Using fentanyl or other opioids alongside other illicit drugs could trigger possibly permanent amnesia caused by brain damage, doctors warn. Over a dozen cases have emerged in which drug abusers have developed severe short-term memory loss, possibly after experiencing an overdose, according to a study published in Annals of Internal Medicine.

Imaging scans of patients revealed lesions on the hippocampus, a region of the brain associated with memory. These amnesiac drug users do not recover quickly, and there's some question whether they will ever fully regain their short-term memory, Authors noted

"Based upon the imaging, I would be surprised if they didn't have at least some significant memory problems permanently," said Marc Haut, chair of West Virginia University's department of behavioral medicine and psychiatry. .

The latest case occurred in May 2017, when doctors at a West Virginia hospital treated a 30-year-old Maryland man suffering from persistent memory impairment. Family members reported that the man had a history of heroin use, and had recently left a residential addiction treatment program.

Blood tests revealed the presence of cocaine in his system and urine tests detected norfentanyl, a chemical produced by the breakdown of fentanyl in the body, the researchers said. Meanwhile, imaging scans showed lesions on the man's brain, along the hippocampus and basal ganglia.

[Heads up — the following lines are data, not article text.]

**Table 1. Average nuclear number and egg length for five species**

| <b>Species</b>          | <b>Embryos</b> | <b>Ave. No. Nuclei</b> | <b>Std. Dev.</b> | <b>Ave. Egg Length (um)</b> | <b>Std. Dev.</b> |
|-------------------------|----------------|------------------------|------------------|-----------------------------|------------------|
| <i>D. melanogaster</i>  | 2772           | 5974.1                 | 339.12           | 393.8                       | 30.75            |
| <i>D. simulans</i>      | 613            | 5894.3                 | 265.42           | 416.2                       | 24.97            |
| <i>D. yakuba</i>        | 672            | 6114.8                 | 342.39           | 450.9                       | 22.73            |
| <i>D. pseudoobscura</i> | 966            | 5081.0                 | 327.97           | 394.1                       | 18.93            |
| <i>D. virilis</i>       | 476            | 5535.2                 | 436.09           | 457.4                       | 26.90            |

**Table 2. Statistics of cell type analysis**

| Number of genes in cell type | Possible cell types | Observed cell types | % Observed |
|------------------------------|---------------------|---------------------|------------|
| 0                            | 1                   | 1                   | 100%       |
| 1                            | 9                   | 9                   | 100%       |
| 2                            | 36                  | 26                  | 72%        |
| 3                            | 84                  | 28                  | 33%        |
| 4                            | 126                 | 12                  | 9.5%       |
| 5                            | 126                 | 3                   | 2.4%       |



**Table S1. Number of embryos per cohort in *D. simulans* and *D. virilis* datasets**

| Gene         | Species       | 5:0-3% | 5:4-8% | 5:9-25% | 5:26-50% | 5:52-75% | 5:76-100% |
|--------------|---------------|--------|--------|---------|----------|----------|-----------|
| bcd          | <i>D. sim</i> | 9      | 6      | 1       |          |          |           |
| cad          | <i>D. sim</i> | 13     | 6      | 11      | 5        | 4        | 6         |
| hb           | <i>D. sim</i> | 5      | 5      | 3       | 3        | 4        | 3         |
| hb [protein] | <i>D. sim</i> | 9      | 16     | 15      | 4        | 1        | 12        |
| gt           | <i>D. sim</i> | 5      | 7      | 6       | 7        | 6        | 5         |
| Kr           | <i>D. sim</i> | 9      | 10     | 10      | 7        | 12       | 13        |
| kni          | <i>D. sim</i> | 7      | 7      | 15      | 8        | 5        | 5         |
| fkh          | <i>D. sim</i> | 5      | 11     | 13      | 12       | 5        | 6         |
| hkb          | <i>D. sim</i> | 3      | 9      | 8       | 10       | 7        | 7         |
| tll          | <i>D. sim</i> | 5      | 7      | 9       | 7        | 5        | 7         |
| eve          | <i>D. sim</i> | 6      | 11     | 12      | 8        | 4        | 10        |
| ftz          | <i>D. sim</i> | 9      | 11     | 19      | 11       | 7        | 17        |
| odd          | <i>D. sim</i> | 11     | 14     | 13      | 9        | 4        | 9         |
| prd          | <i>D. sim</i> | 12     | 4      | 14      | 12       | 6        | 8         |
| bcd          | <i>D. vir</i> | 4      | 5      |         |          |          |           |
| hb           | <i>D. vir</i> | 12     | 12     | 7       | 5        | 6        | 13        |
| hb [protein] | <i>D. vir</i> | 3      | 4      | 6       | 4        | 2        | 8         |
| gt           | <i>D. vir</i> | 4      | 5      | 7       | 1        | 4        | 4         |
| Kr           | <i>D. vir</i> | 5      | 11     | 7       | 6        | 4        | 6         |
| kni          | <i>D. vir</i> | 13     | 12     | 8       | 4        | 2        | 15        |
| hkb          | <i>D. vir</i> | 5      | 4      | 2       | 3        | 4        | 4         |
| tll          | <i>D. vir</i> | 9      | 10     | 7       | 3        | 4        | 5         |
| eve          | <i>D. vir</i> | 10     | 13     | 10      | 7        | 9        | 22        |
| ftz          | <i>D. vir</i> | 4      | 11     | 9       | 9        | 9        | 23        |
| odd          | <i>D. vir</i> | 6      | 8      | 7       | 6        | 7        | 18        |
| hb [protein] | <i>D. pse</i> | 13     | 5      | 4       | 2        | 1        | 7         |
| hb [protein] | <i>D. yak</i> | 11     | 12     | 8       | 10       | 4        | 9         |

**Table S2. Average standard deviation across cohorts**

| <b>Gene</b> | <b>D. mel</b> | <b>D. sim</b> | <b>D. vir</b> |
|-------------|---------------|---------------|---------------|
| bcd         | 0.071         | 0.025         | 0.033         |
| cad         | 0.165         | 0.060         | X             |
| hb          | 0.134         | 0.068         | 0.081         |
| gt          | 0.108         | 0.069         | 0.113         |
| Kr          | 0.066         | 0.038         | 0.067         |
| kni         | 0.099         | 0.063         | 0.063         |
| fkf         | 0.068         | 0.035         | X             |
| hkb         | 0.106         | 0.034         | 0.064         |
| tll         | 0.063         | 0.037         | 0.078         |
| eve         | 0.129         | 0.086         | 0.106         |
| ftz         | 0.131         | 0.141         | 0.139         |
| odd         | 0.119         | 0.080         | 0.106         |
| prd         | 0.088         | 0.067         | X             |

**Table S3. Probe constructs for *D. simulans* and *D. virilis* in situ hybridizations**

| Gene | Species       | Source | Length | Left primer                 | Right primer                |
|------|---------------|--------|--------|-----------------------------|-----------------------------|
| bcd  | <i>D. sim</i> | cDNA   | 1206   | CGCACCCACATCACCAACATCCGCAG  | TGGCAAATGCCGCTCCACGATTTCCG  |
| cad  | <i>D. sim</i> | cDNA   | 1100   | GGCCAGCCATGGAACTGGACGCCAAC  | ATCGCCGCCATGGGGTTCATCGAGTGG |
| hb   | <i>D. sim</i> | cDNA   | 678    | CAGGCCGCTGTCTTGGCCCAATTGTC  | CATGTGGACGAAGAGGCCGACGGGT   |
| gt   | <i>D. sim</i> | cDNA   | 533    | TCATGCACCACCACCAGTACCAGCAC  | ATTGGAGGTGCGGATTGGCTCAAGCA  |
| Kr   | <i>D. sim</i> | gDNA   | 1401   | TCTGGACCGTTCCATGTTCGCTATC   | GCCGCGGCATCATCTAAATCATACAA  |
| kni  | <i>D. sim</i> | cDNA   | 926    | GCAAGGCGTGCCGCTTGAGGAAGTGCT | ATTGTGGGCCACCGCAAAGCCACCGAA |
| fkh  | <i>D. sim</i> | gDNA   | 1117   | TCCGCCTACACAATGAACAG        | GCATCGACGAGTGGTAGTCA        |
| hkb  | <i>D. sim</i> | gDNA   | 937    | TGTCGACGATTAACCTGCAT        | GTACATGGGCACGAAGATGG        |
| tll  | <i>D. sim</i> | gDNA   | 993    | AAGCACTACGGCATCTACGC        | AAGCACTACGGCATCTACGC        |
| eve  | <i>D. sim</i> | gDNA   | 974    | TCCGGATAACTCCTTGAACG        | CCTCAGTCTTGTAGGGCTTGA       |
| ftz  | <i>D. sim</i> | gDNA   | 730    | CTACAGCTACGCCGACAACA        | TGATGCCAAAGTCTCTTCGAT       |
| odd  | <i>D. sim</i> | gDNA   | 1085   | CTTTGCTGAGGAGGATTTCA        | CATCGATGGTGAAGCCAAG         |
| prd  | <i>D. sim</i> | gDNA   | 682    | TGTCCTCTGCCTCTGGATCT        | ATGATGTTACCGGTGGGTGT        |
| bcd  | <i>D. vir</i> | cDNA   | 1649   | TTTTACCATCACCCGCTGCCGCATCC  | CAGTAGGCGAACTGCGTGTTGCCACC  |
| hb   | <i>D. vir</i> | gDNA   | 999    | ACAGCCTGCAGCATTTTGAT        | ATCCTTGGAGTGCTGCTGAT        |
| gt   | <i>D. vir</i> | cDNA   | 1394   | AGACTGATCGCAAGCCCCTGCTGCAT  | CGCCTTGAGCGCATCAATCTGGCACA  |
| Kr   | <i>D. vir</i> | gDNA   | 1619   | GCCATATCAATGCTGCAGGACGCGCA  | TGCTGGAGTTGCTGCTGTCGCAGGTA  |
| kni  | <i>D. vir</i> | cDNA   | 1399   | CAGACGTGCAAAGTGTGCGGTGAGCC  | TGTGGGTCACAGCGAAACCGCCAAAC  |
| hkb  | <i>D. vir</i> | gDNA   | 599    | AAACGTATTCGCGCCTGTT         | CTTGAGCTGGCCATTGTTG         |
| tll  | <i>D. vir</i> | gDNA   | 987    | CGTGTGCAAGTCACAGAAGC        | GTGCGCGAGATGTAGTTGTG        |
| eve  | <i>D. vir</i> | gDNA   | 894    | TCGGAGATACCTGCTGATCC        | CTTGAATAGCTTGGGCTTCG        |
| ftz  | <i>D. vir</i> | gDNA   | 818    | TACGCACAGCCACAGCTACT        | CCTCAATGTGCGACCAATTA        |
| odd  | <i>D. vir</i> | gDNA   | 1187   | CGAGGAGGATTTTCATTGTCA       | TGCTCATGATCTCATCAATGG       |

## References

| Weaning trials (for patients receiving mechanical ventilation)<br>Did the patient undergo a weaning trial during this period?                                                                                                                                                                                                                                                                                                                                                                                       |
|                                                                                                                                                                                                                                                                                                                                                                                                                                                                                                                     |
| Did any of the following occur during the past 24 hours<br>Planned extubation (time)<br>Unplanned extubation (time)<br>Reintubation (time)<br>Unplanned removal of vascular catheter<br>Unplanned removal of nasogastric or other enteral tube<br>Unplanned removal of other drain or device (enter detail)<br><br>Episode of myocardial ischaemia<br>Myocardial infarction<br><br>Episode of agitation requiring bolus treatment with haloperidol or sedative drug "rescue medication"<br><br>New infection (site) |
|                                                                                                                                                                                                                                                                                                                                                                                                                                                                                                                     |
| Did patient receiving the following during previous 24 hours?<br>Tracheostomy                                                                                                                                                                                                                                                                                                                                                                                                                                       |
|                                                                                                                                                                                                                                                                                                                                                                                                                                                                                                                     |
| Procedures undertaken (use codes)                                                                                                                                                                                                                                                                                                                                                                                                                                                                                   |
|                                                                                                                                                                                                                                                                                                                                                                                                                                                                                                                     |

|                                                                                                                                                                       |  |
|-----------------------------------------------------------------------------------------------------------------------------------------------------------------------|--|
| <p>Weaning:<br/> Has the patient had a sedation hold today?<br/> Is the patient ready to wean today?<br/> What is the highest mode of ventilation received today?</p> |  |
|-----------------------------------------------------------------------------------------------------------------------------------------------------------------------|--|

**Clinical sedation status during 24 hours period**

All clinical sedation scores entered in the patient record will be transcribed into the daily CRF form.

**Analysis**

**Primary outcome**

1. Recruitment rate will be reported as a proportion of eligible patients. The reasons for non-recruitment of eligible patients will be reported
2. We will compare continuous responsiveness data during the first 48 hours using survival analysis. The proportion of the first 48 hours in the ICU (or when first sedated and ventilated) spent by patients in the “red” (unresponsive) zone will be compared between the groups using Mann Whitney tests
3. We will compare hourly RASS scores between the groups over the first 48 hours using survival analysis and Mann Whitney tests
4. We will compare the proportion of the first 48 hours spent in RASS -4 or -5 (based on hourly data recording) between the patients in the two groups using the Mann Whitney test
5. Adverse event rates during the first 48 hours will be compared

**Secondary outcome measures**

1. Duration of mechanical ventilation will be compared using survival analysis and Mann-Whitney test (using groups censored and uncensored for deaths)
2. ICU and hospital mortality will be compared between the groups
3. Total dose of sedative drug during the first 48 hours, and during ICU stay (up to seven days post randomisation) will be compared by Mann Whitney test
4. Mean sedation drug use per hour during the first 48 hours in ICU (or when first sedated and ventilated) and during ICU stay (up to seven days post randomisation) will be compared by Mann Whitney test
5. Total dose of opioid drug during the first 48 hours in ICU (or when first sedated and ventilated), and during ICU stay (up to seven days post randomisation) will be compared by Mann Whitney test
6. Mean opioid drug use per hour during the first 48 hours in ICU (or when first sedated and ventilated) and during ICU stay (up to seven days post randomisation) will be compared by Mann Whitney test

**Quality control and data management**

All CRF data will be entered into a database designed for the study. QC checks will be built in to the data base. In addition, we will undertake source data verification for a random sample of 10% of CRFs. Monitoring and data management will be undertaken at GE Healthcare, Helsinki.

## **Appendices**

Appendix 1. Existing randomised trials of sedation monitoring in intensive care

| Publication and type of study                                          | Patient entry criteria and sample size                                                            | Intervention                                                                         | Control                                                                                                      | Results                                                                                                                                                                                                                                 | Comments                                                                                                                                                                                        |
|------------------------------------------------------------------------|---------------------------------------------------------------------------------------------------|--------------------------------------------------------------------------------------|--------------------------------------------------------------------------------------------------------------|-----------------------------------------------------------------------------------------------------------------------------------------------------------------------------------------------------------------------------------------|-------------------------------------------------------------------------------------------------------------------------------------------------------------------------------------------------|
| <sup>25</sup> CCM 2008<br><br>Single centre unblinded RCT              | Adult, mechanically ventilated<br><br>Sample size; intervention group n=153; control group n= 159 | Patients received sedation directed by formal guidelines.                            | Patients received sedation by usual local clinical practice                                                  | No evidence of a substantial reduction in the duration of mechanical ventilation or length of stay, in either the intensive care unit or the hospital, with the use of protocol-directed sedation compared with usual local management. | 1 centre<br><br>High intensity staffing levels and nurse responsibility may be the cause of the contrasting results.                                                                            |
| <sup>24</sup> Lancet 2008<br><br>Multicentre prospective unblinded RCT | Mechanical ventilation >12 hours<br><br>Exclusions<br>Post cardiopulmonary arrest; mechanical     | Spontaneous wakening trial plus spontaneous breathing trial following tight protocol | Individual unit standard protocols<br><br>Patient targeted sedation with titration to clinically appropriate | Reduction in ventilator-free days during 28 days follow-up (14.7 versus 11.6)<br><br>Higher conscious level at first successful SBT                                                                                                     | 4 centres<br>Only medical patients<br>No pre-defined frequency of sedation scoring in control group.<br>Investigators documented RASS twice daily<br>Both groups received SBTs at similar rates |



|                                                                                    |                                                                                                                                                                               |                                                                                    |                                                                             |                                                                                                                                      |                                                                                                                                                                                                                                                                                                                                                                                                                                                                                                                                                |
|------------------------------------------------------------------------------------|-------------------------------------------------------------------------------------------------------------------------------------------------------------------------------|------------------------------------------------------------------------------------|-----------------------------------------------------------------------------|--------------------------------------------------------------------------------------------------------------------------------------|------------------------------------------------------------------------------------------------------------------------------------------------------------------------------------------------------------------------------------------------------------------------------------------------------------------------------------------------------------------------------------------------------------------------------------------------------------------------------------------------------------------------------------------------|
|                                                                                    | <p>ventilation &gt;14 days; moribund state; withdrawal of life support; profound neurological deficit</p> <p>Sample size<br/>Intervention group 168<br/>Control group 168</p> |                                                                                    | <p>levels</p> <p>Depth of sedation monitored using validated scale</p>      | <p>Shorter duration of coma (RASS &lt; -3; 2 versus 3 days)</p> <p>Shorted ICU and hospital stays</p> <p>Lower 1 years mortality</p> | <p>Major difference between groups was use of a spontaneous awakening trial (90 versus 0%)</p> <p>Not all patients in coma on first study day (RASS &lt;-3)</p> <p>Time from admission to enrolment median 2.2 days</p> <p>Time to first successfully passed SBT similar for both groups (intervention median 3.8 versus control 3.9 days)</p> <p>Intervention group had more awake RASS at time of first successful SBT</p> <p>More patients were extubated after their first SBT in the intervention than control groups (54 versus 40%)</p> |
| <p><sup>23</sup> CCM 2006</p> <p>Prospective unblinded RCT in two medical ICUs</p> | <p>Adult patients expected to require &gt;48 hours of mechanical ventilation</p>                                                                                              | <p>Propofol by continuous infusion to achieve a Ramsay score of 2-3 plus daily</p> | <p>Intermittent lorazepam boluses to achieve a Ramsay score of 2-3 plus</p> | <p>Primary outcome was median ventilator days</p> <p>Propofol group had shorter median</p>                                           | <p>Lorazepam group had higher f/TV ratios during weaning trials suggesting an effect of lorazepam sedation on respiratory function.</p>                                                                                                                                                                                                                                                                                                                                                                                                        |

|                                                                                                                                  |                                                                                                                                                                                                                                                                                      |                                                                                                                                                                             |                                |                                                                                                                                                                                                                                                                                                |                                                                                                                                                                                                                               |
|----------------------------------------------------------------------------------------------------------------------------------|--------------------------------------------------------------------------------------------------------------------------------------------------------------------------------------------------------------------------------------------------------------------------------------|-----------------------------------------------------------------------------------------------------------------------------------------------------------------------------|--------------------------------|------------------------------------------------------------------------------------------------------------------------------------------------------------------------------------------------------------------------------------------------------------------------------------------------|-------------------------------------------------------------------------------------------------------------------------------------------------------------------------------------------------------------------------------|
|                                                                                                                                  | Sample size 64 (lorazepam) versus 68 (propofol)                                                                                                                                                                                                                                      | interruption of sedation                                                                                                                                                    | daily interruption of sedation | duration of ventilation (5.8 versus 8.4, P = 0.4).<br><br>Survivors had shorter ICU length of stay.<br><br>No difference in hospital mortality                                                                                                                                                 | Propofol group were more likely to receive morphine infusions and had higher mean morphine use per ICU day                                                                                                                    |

Digging further, the investigators found another similar case of drug-related amnesia in Virginia in September 2015, as well as a total of 14 cases between 2012 and 2016 in Massachusetts. None of these previous amnesiac patients were tested for fentanyl, but 15 of the total 16 known cases tested positive for opioid use and half had a history or tests indicating cocaine use.

But, Haut noted, the researchers aren't sure what's causing the brain damage revealed by imaging scans. It's possible that these patients experienced an undetected drug overdose that temporarily stopped their heart or lungs, cutting the flow of oxygen to their brain.

"You get that cutoff of oxygen and that can produce lesions like this, but not to this extent typically," Haut said. "We think the fentanyl is adding to that effect and exacerbating that effect," possibly when taken in combination with a stimulant like cocaine.

Overdose risk is extremely high with fentanyl, which is 50 to 100 times more potent than morphine. That makes the synthetic opioid much more powerful than either heroin or other prescription painkillers, according to the U.S. National Institute on Drug Abuse.

"As the fentanyl starts being combined with heroin, it's creating a huge increase in accidental overdoses," said Dr. Tim Brennan, director of the Addiction Institute at Mount Sinai West and Mount Sinai St. Luke's Hospitals in New York City. The authors hope the report will prompt doctors to take a closer look at patients who come in for either amnesia or drug overdose.

"We talk a lot about people who don't survive overdoses, but we aren't talking about people who survive repeated overdoses and the impact that might have on them and their functioning," Haut said. "If their memory is really compromised, it's going to be hard for them to learn a new life that doesn't involve drugs."